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Even Common NSAIDs are Dangerous for Heart-failure Patients

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There has been yet more suggestion that even commonly used nonsteroidal anti-inflammatory drugs (NSAIDs) like ibuprofen (Nurofen) and diclofenac (Difene) are dangerous for heart failure patients.

A new study published in January 2009 linked re-admittance to hospital and an increase in risk of death with COX-2 inhibitors and other NSAIDs. This was particularly apparent for sufferers of heart failure or myocardial infarction (MI). The research used records of hospitalization and pharmacy drug dispensing in Denmark. Details of 107,092 patients who survived their first heart failure related hospitalization between 1995 and 2004 were studied, alongside their use of NSAIDs.

33.9% of these patients received at least one NSAID prescription after their discharge from the hospital, 56.9% of them died during the follow up period, and 8.4% and 37.5% were re-admitted to the hospital with MI or heart failure. The analysis of the collected data showed a clear dose related increase in risk with NSAID use for these patients.

Dr Gunnar Gislason, from Gentofte University Hospital in Denmark, who was the leading author said: "Although our study is observational, and you can never exclude all confounding factors, we have very consistent results estimated using two different statistical methods. And these results are similar to many other previous studies. In addition, we see a strong dose-related response. I think the data are very convincing."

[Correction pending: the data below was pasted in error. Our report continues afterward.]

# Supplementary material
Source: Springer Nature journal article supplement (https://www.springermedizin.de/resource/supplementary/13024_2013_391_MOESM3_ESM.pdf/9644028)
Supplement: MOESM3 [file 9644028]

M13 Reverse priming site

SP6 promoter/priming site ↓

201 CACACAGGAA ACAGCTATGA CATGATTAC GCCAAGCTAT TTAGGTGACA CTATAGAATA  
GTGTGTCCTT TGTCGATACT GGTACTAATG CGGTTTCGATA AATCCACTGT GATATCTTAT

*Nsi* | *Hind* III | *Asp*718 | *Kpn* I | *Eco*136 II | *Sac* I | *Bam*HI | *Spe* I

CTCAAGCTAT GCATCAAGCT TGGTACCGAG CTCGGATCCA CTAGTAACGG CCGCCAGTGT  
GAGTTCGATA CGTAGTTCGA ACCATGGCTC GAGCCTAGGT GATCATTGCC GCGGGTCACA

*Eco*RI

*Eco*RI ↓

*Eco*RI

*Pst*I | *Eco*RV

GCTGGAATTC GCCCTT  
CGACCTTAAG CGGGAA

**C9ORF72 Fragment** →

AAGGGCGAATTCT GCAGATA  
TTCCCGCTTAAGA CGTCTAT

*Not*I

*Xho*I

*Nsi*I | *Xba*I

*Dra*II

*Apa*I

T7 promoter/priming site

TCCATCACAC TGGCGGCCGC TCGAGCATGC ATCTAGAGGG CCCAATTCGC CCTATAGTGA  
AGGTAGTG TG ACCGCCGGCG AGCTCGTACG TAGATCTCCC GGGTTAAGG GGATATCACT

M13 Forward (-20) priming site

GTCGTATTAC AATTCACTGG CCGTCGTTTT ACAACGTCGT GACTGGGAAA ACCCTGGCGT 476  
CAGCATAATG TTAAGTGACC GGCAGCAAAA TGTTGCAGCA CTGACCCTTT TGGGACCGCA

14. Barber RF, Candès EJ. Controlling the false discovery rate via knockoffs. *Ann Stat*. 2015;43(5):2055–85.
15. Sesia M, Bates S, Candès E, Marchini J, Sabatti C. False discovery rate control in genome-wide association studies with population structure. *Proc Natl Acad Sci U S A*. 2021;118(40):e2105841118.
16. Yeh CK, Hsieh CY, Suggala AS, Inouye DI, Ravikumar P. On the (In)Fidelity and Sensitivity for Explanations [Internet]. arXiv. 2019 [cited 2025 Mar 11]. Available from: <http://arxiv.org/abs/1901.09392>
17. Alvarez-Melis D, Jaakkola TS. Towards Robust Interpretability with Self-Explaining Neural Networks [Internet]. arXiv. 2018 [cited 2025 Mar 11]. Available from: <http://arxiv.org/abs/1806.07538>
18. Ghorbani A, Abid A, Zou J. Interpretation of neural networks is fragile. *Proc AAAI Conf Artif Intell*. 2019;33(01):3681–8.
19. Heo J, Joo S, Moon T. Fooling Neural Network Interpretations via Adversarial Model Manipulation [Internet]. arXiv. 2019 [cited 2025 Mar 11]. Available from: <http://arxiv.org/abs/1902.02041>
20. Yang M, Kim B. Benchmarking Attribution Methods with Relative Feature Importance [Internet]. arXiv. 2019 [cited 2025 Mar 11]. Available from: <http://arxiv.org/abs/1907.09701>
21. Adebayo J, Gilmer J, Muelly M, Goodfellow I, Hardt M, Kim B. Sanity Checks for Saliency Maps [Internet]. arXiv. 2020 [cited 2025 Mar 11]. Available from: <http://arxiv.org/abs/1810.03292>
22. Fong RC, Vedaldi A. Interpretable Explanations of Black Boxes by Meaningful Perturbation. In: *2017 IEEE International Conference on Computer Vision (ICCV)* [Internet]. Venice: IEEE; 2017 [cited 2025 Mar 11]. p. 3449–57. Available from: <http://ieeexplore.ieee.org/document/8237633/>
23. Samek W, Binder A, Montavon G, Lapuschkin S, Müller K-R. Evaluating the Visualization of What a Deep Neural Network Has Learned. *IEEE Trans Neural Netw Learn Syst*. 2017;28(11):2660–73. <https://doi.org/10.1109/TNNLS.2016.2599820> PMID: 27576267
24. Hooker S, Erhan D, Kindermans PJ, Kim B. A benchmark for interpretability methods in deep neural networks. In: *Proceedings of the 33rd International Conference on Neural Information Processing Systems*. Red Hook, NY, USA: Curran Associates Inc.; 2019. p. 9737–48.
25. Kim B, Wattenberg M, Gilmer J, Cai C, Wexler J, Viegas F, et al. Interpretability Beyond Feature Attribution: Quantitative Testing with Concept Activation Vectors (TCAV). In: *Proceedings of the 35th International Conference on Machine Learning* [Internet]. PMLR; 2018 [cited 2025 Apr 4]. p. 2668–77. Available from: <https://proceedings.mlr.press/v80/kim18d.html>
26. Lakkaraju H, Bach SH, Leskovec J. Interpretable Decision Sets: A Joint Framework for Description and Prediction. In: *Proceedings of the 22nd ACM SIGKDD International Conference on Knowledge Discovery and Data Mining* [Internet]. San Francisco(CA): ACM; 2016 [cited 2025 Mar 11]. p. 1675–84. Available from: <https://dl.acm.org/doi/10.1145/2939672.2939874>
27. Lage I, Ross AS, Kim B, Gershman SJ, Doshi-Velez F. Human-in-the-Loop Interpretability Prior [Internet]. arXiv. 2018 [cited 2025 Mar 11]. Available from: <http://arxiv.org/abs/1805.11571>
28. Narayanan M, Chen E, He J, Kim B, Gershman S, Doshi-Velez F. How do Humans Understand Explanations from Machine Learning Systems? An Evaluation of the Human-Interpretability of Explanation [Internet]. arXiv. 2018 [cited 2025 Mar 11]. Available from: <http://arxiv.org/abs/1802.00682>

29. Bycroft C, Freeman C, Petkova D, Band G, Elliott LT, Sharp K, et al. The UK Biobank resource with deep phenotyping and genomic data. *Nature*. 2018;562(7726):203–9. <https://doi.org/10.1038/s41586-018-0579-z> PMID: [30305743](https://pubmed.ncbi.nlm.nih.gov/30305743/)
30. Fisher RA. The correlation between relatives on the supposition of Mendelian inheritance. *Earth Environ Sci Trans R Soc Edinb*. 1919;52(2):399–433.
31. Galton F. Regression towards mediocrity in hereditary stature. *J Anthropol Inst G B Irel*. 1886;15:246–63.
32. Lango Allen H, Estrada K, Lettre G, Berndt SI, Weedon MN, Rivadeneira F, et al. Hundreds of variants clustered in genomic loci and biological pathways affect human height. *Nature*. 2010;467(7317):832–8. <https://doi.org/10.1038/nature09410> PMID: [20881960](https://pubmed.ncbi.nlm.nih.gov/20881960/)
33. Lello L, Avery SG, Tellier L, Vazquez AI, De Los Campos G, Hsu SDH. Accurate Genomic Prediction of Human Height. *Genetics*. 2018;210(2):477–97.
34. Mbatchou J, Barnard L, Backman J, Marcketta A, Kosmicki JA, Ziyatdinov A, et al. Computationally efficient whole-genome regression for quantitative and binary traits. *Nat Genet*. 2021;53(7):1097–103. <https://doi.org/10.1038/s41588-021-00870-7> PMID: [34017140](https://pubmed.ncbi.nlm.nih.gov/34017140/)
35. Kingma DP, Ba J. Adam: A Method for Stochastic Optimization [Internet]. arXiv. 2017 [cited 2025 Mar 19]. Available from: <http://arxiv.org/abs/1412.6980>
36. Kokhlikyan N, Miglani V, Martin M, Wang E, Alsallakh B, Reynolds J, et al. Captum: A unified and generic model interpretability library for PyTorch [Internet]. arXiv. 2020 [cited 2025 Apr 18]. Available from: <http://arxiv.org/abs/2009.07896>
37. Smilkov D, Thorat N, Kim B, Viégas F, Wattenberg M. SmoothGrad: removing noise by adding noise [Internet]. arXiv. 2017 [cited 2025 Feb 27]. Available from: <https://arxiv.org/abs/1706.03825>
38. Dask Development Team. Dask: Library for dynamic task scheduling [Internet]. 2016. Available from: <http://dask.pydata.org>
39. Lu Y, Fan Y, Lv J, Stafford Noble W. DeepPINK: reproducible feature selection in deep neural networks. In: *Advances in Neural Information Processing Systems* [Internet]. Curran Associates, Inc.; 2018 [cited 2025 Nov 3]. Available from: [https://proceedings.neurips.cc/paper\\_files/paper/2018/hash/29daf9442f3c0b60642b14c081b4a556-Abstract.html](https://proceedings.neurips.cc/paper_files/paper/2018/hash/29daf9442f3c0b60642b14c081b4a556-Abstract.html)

COX-2 inhibitors are not the only offenders in heightening risks. Diclofenac (Difene, Diclac, Voltarol, Cataflam) also showed comparable results in the tests. Dr Gislason described this statistic as "very disturbing" because of the drug’s wide use and availability in many countries.

He went on to say that the effects are "quite considerable". Rofecoxib showed one death in nine patients treated for a year, while celecoxib showed a one in 14 rate, closely followed by diclofenac at one in only 11. Gislason described these numbers as "very low", considering that with antihypertensive drugs you need to treat 50 to 100 patients for a year to save just one patient.

"Everyone agrees that it is worth treating hypertension. So the harmful effect of some NSAIDs is much greater than the beneficial effect of antihypertensive treatment... Our results suggest that all NSAIDs have harmful effects in heart-failure patients, even naproxen at high doses. Naproxen [Naprosyn] is probably the best of the bunch, but it still increases fluid retention, which is bad news for heart-failure patients," said Gislason.

He does not believe that doctors are aware of the problems related to these drugs, as they are still being widely prescribed: "We need to raise awareness. I think the main culprits are primary-care doctors, as these drugs are so widely prescribed in general practice... The fact that some of these drugs are available over the counter makes the situation much worse, as anyone can buy them without advice from a doctor."

Gislason goes on to say that NSAIDs should only be available with a prescription and not readily over the counter. Such easy availability suggests little to no risk involved with taking them. There is also the risk that those who suffer from heart disease will not be aware that they shouldn’t be taking them.

It is advised that all heart failure patients avoid NSAIDs if at all possible, but if not, then ensure to take a more COX-1 selective NSAID, with a low dose and for only a short period of time. Gislason concluded: "I know NSAIDs are useful drugs, and they will always be used to some extent, but we need to be careful about which drug is selected and which dosage used. More thought should go into trying to combine them with other agents so that a lower dose could be used."


re: Heart attack

Heart attack is a desease that can also be pass through genes. Now a days, hundreds and thousands of people died causing heart attack per year.

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